Each of the moedim is based upon the events described in Scripture and the commands of the sovereign G-d of creation. As such, we offer these suggested readings to help us focus on Him and His Word. The traditional readings for this moed include passages from throughout the Bible.
The moed of Reishit Qatzir [beginning of the harvest] has almost no traditions associated with it.
The crop that is historically and traditionally associated with the firstfruit offering is barley. It was usually planted towards the end of the year before the winter rains. It grew, matured, and was ready to harvest in the spring about the time of Passover.
Day after which Sabbath?
In the days of the Master, there was some debate about the meaning of "on the day after the sabbath" in Leviticus 23:11. Was it referring to the weekly (Saturday) Sabbath or was it referring to the first day of the Feast of Unleavened Bread (which is also a Sabbath rest day)?
The Sadducees (who were predominantly Levitical priests) chose the day after the weekly Sabbath: what we call "Sunday" today.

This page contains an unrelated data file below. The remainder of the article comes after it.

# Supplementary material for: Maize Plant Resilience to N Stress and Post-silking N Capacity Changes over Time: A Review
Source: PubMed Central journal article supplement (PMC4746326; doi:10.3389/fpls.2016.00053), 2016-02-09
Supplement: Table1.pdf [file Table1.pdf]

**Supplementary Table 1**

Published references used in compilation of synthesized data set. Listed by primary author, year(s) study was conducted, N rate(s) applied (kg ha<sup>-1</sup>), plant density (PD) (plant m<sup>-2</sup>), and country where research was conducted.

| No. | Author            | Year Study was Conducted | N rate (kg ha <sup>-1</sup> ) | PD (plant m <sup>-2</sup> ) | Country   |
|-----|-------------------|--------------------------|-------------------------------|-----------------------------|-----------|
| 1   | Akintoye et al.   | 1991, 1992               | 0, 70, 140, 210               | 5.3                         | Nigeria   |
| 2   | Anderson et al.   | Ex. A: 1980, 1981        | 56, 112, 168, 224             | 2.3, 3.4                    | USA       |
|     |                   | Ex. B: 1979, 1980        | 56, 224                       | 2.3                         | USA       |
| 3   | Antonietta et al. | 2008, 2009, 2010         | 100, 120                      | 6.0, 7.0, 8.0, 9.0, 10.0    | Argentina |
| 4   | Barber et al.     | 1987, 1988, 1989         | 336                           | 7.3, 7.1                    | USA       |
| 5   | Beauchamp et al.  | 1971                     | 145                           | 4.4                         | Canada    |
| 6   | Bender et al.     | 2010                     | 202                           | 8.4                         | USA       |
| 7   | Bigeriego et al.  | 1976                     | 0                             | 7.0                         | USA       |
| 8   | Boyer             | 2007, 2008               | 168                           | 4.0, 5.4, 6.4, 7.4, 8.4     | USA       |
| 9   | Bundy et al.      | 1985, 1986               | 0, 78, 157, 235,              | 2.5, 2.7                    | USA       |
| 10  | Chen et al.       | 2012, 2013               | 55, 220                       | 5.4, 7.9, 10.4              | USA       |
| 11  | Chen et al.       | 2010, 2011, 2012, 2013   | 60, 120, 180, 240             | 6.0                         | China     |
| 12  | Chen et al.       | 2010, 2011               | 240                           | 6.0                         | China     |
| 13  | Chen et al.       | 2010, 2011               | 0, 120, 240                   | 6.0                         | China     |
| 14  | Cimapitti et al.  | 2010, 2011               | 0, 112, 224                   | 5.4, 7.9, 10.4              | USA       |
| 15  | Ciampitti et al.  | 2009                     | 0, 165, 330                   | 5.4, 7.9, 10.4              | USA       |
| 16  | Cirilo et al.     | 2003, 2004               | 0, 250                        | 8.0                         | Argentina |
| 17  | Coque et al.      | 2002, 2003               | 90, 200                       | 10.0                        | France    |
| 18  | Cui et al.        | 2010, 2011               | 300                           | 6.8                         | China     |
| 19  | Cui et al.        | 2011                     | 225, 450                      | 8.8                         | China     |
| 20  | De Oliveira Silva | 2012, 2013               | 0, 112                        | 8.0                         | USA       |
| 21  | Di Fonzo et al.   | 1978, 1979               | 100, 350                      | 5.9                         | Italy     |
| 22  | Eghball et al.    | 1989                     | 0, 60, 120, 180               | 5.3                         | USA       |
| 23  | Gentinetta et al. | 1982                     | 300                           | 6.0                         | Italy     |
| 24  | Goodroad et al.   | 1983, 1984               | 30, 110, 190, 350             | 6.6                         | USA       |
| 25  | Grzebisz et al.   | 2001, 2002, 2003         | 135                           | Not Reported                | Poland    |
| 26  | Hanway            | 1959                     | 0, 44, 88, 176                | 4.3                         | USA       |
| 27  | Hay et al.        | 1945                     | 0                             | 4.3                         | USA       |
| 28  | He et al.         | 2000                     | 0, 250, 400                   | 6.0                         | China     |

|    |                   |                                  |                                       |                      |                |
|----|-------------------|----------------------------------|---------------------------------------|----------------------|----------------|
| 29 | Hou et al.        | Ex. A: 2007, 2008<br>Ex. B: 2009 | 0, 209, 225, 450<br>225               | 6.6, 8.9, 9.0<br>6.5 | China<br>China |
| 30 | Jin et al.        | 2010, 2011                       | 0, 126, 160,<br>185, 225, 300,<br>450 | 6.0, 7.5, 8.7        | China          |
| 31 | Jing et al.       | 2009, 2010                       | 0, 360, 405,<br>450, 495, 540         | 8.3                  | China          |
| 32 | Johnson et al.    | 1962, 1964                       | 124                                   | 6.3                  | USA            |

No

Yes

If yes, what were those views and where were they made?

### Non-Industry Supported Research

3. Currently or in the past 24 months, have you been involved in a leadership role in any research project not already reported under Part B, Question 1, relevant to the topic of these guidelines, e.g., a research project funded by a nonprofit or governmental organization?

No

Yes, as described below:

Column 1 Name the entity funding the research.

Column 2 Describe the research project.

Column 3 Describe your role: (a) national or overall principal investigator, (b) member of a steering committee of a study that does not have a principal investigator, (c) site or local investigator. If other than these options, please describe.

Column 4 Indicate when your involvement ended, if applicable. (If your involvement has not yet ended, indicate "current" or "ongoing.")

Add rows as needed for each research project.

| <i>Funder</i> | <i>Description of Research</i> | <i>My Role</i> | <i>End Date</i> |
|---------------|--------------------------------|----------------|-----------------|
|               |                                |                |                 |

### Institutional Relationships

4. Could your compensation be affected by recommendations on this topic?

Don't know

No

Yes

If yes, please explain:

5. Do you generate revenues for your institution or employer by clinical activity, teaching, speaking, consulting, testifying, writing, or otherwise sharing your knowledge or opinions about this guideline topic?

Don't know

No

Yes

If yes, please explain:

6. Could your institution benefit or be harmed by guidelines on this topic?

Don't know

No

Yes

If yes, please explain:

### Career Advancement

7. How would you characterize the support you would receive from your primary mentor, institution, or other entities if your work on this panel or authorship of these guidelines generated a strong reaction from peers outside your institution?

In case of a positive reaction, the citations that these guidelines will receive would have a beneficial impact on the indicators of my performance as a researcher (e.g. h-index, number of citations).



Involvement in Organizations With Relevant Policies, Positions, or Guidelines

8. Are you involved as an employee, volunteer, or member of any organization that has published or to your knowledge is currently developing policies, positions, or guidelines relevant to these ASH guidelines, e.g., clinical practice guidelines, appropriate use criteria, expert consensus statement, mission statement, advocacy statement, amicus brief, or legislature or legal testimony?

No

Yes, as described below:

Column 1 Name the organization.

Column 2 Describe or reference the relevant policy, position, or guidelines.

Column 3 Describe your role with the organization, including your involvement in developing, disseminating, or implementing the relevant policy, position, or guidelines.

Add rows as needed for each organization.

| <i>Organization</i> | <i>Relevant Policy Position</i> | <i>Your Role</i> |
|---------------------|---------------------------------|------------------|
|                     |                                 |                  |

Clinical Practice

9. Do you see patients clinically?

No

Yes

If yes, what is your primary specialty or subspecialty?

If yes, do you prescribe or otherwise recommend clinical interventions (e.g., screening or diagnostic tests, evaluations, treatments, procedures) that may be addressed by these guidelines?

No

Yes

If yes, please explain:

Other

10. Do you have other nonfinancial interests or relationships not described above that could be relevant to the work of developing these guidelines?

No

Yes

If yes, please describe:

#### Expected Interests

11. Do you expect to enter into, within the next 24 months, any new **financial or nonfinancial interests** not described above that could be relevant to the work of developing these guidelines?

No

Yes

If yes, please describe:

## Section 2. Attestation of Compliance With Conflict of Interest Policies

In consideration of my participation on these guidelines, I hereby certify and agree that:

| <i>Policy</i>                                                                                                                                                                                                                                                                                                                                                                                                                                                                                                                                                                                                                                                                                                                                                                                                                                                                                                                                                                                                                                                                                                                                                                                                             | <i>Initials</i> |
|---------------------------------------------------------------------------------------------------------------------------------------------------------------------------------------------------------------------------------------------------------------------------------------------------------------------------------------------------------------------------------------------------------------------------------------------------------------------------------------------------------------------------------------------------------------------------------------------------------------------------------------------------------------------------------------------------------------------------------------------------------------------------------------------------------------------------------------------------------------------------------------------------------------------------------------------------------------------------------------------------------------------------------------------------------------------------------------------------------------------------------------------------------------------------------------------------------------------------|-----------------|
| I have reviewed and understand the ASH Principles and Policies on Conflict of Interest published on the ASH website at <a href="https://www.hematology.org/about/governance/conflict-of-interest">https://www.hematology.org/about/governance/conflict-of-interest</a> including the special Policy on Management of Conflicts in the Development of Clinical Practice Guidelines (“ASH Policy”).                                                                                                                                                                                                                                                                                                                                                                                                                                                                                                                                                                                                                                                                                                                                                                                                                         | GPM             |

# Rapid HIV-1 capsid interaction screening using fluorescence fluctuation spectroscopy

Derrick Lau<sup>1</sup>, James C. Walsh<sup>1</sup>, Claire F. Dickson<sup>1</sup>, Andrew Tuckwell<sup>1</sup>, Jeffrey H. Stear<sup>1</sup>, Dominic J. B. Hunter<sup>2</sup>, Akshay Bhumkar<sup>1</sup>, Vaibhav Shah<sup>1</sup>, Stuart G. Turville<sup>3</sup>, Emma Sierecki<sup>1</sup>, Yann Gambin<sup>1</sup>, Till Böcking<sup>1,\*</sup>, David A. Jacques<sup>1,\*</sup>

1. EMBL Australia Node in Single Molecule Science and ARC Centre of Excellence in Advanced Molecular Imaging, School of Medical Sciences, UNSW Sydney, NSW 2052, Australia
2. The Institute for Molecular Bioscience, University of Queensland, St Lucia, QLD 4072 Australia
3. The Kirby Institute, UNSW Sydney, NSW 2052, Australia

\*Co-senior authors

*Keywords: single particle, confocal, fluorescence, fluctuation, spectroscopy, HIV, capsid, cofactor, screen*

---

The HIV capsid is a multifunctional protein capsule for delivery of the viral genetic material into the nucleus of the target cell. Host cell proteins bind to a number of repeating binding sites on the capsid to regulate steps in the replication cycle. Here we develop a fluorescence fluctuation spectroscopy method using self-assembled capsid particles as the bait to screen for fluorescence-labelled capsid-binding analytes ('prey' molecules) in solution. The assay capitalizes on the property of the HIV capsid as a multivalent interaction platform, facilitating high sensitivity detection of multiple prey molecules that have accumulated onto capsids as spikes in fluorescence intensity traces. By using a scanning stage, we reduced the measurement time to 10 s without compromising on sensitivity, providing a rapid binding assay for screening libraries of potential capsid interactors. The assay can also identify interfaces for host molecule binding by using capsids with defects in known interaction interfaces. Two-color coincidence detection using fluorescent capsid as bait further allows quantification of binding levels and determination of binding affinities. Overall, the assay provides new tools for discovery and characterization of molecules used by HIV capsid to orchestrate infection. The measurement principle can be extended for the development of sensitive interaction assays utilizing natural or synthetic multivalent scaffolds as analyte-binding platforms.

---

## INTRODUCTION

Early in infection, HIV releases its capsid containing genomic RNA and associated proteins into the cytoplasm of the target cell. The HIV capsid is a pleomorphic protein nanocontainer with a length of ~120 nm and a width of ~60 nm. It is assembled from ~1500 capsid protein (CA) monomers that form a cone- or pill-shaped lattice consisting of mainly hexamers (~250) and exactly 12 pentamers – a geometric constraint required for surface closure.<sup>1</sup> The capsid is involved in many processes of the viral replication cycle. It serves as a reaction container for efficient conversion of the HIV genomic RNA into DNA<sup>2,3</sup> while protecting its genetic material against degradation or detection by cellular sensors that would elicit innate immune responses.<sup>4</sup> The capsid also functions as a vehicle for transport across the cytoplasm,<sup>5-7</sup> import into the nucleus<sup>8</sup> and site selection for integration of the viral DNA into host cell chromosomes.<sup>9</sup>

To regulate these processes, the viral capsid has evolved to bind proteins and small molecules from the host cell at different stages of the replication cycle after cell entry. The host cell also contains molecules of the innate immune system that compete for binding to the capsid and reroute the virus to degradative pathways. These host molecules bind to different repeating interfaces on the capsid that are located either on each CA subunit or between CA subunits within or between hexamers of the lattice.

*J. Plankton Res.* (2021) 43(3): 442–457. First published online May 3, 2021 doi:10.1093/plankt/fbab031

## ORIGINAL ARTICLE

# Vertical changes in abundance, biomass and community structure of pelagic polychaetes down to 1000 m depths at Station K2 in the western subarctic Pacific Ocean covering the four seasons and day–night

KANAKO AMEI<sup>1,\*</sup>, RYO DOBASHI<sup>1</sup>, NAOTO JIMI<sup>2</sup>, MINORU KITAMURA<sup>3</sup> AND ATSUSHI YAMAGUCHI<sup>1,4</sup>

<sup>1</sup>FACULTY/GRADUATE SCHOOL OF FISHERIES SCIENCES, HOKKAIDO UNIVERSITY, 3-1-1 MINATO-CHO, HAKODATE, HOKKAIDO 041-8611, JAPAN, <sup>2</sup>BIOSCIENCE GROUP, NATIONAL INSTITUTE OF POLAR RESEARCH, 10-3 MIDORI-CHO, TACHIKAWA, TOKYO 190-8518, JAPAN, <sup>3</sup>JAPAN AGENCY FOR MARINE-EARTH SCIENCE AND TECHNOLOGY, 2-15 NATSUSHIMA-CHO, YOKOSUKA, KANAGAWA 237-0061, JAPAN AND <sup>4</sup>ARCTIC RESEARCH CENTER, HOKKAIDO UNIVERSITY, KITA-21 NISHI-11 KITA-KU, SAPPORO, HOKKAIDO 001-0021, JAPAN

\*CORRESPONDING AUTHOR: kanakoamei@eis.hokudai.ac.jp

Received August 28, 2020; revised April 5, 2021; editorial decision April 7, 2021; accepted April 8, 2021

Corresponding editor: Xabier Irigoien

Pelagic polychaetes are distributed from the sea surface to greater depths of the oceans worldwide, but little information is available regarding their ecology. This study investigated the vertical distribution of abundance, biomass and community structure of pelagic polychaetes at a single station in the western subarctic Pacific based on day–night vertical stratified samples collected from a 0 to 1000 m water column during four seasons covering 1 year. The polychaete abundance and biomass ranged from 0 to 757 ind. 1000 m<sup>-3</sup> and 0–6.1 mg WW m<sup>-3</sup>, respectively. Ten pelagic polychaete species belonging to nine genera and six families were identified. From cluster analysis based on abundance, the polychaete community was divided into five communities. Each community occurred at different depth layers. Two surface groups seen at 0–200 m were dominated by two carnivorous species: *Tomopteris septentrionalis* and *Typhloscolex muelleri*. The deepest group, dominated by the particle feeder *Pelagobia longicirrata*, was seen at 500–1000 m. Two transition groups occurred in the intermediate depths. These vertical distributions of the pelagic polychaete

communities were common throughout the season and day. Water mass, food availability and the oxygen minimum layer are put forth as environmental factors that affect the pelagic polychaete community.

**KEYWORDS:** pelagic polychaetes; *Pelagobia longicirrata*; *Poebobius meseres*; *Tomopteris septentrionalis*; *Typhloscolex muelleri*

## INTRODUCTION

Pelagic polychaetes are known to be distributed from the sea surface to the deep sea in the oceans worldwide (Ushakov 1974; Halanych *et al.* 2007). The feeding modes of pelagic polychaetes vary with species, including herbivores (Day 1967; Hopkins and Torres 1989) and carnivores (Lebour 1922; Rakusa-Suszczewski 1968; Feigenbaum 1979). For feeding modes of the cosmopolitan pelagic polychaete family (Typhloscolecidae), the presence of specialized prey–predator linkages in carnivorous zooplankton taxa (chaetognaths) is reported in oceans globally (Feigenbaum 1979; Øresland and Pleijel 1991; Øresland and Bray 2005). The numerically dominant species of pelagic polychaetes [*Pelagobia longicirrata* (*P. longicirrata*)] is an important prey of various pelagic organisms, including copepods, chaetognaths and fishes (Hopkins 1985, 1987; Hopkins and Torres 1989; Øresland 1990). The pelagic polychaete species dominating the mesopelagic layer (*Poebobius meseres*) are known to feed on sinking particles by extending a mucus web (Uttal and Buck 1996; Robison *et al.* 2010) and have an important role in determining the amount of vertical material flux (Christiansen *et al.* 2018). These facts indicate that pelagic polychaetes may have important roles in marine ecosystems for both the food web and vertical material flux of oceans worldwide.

The Pharisees (predominantly rabbis who were not priests) chose the day after the first day of Chag HaMatzot. Since the Pharisees formed the core of what was to become Orthodox Judaism, Orthodox groups today use the fixed day of Nisan 16 (Nisan 14 was Pesach, Nisan 15 began Chag HaMatzot (a Sabbath), and Nisan 16 became Reishit Qatzir celebrating the feast of the first fruits of the harvest).
Other groups held to the Sadduceean standard of the first day of the week (i.e. Sunday) after the Sabbath that occurred during the week of the Feast of Unleavened Bread. Some early groups of believers followed this standard since it was the first day of the week when the empty tomb was discovered and the risen Messiah became known.
It is likely that the debate between groups of believers regarding this topic was in Paul's mind when he penned Romans 14:5. Until Messiah Yeshua returns to settle the debate we will likely have no definitive answer.
Given the dispersion of the Israelites from their Land until the 20th century and the lack of a Temple, this particular moed has diminished in importance and observance. A quick search of Jewish calendars and holy day descriptions on various Jewish websites show little or no information about this moed other than to mark the beginning of the "counting of the omer". No special prayers or prayer services have been instituted, no special foods, and no special events or activities have been formed to mark this special day.
It's almost as if unbelieving Jews, in their denial of Yeshua as the Messiah and His death and resurrection as the "first fruits of those who are asleep", have ignored the moed which speaks the most about Him and His resurrection. This is not a condemnation of them because G-d, Himself, has blinded their eyes so that the fullness of the Gentiles might be brought in (John 12:40, Romans 11:25).
May Messiah return quickly and bring in the full harvest of His people!